“It’s not a matter of ‘if’ the states affected will need our help, it’s now a matter of when they need us, and how much they will need us to help with equipment through AT Reuse.”
–Carolyn Phillips, Director, Pass It On Center
As Hurricane Harvey inflicts unprecedented damage on Texas and Louisiana, the national network of State Assistive Technology (AT) Programs stands on alert to help individuals with disabilities obtain the durable medical equipment (DME) and AT they need. Natural disasters threaten life, health, safety and independence when people with disabilities are separated from the devices they rely on or when their equipment becomes damaged; and hurricane-related injuries/illnesses often create new equipment needs.
Fortunately many State AT Programs provide access to free refurbished durable medical equipment, such as manual and power wheelchairs, commodes, and bath chairs. While these “reuse” programs are every-day resources for people in need of DME and AT, they are especially valuable during and after emergencies and natural disasters, particularly when their inventories can be quickly mobilized by a coordinated network.
By Monday the emails were flying. Carolyn Phillips, Director of the Pass It On Center (PIOC), which provides technical assistance on AT reuse through the national Assistive Technology Act Technical Assistance and Training Center (AT3), reported PIOC was in communication with the Texas Technology Access Program, Project MEND, the Louisiana Assistive Technology Access Network (LATAN) as well as the Partnership for Inclusive Disaster Strategies. “To our AT Act Partners/friends in Texas and Louisiana- know that we are with you and stand ready to assist!” Phillips assured. She explained that while the PIOC, a program of AMAC at Georgia Tech, has Memorandum of Agreement with FEMA to provide reused DME and AT, the volume of need will likely require assistance from the national network.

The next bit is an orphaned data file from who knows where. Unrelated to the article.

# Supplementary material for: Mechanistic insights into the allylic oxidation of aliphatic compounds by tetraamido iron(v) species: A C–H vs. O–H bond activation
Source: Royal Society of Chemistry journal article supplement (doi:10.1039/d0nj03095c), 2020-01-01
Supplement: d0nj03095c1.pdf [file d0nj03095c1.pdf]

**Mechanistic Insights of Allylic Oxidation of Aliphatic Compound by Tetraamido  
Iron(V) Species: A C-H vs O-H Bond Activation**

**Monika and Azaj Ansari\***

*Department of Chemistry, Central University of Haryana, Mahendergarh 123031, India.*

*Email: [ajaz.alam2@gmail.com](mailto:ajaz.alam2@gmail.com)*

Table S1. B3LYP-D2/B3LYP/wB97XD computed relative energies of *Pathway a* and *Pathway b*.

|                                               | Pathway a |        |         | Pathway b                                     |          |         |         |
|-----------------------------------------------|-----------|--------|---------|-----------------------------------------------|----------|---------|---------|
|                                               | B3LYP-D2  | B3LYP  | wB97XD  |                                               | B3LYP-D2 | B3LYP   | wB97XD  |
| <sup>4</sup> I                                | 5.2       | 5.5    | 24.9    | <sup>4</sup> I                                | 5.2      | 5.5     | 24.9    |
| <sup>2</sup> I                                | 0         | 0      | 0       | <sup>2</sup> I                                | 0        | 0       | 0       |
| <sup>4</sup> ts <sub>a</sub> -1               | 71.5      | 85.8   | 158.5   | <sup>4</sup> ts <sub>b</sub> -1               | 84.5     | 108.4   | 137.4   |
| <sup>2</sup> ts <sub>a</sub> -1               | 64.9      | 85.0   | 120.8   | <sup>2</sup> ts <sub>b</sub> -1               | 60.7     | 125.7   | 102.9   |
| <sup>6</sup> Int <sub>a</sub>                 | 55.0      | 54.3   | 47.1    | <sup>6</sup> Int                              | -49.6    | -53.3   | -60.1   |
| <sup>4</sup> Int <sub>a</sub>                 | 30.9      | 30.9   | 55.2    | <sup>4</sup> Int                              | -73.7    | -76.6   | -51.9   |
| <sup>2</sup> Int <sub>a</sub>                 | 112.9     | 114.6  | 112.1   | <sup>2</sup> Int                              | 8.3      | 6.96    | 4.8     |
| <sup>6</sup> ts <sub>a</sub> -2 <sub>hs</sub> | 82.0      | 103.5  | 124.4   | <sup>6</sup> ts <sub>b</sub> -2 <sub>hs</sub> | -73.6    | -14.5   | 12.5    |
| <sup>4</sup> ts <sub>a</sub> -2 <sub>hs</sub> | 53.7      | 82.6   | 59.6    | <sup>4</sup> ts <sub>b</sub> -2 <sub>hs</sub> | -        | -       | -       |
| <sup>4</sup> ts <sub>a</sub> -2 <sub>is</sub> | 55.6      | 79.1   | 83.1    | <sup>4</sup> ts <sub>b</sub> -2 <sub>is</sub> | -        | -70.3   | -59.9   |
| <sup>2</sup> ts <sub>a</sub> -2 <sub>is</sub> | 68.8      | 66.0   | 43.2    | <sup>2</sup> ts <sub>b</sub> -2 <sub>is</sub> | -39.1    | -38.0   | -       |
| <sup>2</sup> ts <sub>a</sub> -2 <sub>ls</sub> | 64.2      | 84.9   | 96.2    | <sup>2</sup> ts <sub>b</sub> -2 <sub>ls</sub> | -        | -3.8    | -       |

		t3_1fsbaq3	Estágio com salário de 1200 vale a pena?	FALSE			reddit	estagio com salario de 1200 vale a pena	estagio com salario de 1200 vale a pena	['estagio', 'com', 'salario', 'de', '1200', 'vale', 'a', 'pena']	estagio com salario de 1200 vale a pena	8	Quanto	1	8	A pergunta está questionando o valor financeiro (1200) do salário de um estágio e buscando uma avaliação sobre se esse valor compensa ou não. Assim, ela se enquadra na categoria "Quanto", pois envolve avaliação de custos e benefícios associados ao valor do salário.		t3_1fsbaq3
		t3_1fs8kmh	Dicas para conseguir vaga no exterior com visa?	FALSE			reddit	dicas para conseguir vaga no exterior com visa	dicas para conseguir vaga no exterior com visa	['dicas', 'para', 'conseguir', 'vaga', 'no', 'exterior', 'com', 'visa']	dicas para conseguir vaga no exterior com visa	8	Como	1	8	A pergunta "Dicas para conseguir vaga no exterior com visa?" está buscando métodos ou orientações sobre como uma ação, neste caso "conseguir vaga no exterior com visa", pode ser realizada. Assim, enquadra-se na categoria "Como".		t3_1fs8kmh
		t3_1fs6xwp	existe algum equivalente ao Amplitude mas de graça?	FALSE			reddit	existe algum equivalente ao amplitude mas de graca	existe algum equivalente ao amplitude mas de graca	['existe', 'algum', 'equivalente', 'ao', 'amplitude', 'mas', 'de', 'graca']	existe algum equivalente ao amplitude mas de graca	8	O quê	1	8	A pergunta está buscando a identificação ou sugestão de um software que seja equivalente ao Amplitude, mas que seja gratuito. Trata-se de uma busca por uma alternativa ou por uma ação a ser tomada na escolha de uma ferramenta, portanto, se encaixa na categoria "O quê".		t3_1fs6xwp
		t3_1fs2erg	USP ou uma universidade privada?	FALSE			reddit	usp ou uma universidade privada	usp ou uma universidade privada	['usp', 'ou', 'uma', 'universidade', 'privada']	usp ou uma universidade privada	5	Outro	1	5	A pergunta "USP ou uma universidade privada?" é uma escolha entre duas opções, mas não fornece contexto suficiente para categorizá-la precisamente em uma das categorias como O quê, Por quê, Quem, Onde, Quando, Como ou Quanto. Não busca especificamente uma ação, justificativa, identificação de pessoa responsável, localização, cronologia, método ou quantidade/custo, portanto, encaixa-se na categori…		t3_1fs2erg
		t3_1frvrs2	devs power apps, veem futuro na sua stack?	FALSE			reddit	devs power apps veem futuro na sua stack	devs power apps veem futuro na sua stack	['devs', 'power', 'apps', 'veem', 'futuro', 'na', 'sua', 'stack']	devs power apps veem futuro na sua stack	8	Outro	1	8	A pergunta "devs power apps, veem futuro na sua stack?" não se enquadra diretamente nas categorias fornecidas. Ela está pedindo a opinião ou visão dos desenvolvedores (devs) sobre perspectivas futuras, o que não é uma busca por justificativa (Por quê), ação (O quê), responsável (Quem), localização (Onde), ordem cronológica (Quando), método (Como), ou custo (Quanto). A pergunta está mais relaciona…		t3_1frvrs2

Roger Levy, with the Texas program, responded that he’d been working from home (chain saw in hand), and coordinating with the Texas Department of Emergency Management. Jaime Karam, with LATAN, writes that they are dropping off DME and AT, such as bariatric transport chairs and all-in-one commodes, at American Red Cross regional warehouses.
Jane Gay, from IPAT in Iowa, quickly followed with this advice: “What we learned from Katrina is that it’s most useful to wait and see what AT [is] specifically needed for individuals.” She cautions eager states outside affected areas to not organize truckloads of equipment that can become a burden for relief staff when it’s not assigned or directly requested.
Portlight Strategies, a disaster relief organization specializing in the needs of persons with disabilities, is part of the Partnership for Inclusive Disaster Strategies. In an email to supporters they remind us, “We are preparing for the magnitude of requests for assistance to grow as people with disabilities and their families begin to rebuild their lives.” Already their Hurricane Harvey Disability Hotline has received hundreds of urgent requests for various forms of assistance.
The full impact of Hurricane Harvey and its associated catastrophic flooding will only reveal itself in the days, weeks and months to come. It’s reassuring to know that disasters of the past have informed a coordinated response of disability and relief organizations working together.